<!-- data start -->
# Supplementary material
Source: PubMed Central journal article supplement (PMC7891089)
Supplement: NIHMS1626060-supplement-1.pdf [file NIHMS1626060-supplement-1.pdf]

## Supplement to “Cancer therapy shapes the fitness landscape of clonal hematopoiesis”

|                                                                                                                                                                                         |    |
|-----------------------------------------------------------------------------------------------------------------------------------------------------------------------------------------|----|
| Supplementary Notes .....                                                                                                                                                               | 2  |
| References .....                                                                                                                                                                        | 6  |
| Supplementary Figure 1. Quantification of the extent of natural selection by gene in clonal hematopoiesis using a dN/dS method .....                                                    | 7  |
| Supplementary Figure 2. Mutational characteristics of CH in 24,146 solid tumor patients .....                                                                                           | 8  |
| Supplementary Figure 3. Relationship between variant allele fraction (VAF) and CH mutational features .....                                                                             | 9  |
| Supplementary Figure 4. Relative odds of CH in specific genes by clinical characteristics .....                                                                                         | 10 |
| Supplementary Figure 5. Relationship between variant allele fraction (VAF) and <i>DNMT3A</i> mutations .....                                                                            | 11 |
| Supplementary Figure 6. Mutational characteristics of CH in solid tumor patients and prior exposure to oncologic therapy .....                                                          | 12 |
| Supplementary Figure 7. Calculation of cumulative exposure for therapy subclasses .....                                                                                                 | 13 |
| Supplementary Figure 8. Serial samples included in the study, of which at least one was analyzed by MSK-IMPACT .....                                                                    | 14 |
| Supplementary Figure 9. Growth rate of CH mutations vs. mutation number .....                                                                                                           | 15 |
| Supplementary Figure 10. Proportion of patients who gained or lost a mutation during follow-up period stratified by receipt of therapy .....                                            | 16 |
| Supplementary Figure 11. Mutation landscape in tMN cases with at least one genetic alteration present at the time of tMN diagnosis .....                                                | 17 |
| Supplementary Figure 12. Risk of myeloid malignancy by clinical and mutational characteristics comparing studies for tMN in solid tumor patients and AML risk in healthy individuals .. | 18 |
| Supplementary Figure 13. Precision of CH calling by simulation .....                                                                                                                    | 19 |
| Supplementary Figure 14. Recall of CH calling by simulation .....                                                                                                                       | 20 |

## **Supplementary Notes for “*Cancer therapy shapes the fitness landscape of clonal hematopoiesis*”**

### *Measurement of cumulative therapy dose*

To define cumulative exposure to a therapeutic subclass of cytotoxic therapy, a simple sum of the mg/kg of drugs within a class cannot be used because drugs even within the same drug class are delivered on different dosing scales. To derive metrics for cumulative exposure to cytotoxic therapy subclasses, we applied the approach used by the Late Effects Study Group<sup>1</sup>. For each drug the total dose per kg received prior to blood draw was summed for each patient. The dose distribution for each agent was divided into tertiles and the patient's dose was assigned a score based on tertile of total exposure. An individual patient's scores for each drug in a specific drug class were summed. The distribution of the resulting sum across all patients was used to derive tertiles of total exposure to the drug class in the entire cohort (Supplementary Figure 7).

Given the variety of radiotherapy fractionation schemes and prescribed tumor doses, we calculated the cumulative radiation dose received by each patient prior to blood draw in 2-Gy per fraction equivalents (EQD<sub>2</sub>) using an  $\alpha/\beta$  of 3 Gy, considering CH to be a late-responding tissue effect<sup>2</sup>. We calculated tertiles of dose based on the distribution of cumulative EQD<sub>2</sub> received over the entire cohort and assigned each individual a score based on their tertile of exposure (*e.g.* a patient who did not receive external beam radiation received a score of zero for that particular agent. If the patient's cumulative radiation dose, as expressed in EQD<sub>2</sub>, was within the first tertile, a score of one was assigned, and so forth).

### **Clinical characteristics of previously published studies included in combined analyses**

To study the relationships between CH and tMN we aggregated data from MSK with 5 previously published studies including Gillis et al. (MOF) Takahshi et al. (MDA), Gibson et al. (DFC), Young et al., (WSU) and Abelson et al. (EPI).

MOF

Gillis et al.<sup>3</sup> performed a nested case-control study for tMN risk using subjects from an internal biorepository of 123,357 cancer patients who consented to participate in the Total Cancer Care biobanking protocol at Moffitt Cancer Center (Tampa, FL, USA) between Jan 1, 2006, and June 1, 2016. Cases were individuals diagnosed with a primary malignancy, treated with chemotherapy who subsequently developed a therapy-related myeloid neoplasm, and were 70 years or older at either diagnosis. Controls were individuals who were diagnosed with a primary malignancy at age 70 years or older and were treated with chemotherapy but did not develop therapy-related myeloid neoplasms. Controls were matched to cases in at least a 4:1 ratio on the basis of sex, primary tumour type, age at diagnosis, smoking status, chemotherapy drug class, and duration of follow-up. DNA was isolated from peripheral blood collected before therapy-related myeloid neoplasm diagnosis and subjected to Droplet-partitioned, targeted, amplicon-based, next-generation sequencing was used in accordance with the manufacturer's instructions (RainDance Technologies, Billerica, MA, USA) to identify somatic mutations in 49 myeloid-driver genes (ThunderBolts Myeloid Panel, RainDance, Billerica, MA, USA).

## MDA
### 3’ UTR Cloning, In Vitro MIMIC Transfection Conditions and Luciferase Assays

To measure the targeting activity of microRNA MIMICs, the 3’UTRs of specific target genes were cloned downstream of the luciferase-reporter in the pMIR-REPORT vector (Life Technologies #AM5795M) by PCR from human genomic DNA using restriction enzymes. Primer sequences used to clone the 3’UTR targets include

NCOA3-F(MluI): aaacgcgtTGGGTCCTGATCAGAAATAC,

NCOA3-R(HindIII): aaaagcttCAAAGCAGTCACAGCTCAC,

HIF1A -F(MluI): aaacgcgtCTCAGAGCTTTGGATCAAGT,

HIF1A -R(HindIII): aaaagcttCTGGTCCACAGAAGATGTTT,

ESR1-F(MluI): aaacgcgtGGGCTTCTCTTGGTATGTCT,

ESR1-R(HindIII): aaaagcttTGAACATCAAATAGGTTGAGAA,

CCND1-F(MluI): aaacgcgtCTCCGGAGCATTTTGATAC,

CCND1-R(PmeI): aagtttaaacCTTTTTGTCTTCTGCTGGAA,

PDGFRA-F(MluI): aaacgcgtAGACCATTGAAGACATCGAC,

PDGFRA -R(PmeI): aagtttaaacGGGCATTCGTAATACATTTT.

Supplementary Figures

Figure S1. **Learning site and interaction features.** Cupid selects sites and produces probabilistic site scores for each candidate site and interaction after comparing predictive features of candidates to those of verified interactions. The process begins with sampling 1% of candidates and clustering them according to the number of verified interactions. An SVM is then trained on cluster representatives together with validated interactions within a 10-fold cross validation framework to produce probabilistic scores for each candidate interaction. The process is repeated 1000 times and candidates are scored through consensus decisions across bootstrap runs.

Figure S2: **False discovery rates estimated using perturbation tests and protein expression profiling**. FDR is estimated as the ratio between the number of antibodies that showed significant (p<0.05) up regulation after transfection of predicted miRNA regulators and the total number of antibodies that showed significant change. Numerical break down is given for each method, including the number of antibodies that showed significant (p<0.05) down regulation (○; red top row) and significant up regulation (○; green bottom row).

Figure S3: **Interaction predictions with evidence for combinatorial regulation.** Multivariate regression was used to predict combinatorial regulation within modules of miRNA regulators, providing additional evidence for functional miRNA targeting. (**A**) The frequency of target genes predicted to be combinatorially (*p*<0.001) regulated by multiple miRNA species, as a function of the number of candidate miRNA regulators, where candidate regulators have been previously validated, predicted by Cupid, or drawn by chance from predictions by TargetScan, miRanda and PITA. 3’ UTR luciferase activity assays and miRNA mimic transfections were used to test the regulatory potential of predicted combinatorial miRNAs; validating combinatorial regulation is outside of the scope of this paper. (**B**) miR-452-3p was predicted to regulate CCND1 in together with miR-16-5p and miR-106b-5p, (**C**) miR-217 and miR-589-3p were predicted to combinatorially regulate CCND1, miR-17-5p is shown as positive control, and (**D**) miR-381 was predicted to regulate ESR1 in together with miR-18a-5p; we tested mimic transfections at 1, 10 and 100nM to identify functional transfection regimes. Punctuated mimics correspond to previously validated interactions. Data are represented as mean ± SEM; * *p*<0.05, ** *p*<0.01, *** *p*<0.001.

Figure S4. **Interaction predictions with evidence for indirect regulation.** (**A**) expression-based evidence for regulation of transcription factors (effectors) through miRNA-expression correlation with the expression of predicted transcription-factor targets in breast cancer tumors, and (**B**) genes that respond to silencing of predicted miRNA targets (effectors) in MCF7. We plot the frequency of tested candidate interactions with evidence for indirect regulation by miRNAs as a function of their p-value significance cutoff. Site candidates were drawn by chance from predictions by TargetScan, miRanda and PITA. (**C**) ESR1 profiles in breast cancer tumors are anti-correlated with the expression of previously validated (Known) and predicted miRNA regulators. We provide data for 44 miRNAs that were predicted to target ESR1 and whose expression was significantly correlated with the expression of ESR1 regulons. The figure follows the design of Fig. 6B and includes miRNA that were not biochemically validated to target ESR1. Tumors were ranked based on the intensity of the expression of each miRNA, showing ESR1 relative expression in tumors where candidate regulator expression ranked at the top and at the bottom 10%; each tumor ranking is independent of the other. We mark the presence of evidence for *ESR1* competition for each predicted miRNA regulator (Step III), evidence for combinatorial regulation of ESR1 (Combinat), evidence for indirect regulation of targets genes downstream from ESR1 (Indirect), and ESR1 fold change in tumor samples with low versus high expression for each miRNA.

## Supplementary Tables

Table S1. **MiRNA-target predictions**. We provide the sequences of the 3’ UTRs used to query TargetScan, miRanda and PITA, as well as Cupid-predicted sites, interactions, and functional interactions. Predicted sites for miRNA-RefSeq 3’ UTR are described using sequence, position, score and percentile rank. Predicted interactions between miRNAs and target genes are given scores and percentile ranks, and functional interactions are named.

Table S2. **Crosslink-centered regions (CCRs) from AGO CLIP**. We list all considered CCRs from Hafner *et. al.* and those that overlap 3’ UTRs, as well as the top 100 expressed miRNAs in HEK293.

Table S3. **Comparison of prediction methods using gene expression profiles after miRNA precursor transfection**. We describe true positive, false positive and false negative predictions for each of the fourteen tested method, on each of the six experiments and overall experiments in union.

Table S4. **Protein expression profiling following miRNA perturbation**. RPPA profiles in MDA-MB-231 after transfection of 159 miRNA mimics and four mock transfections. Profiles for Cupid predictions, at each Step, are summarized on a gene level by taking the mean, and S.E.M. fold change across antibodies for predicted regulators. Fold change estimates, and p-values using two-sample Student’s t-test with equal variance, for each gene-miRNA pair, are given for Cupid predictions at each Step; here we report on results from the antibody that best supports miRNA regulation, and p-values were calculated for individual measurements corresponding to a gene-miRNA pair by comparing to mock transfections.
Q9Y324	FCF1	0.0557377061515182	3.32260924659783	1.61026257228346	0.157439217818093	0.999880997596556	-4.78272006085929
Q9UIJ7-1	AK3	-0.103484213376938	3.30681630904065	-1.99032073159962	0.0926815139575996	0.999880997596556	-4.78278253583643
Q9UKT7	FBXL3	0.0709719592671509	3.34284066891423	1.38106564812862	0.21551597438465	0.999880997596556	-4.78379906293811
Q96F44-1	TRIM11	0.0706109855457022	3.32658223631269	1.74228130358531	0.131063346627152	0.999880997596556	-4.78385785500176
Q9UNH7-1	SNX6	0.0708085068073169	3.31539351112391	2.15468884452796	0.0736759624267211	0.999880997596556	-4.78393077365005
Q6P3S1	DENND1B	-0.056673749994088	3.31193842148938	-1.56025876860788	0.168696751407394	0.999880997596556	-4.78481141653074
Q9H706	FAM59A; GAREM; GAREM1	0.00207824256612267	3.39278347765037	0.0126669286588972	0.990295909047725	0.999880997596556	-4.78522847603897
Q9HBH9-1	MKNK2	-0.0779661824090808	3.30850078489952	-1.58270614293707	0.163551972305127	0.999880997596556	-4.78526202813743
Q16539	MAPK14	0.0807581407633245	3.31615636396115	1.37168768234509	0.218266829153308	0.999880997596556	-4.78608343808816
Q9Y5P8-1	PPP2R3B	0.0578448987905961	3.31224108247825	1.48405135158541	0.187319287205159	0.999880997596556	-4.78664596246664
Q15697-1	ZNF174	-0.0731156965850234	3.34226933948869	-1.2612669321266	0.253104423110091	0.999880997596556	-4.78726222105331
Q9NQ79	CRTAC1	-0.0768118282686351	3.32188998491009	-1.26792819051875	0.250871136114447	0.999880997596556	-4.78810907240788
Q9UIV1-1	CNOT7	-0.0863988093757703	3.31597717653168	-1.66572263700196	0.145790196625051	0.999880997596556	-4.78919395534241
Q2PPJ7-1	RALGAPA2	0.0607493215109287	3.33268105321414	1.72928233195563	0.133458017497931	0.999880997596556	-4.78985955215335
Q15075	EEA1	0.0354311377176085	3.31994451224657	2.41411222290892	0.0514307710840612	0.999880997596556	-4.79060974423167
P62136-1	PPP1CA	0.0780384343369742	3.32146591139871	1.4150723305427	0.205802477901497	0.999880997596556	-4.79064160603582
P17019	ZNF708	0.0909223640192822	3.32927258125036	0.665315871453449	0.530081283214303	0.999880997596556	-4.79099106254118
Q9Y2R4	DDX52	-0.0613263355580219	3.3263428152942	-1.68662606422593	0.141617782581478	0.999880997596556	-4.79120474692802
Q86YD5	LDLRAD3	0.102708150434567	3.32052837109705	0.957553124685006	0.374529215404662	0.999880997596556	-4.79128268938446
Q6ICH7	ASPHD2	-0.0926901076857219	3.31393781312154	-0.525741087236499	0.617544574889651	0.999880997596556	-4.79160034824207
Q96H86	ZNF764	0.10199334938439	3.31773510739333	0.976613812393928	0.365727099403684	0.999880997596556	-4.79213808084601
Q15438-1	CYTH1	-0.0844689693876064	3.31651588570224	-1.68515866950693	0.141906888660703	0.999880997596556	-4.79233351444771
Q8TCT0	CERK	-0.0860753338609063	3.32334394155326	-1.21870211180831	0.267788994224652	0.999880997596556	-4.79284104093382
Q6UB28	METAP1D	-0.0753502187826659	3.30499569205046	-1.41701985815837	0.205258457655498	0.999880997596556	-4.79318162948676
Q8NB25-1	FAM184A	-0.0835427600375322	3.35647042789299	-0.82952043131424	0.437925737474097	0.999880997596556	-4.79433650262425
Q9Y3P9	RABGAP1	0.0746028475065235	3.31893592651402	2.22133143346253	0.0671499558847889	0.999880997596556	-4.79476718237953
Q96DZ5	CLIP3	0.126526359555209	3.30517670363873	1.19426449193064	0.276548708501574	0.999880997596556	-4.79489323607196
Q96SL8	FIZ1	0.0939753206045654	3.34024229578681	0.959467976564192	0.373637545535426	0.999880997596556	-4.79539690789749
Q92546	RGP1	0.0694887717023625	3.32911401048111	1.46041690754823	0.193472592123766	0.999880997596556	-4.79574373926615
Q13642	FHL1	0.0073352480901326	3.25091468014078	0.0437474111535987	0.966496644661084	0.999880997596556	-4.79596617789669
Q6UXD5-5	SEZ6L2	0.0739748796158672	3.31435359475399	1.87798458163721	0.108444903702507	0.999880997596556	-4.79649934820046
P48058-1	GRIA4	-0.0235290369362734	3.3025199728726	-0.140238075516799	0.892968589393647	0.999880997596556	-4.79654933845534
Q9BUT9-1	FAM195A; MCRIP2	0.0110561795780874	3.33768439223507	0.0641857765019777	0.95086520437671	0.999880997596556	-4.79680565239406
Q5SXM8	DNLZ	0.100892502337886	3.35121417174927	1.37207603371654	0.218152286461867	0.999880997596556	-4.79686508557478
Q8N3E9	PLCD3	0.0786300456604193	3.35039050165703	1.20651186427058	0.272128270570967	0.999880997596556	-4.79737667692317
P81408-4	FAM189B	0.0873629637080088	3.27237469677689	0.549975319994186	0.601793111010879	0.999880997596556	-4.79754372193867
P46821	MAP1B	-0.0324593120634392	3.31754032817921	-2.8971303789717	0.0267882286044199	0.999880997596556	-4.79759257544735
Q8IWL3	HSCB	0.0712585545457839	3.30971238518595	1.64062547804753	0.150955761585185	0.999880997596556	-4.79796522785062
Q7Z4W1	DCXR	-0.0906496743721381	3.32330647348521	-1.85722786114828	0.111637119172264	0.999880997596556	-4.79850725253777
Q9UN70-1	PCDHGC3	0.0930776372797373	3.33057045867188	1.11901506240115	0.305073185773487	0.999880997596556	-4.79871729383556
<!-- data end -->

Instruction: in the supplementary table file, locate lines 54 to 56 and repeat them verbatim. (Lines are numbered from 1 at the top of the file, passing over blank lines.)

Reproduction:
Q9Y324	FCF1	0.0557377061515182	3.32260924659783	1.61026257228346	0.157439217818093	0.999880997596556	-4.78272006085929
Q9UIJ7-1	AK3	-0.103484213376938	3.30681630904065	-1.99032073159962	0.0926815139575996	0.999880997596556	-4.78278253583643
Q9UKT7	FBXL3	0.0709719592671509	3.34284066891423	1.38106564812862	0.21551597438465	0.999880997596556	-4.78379906293811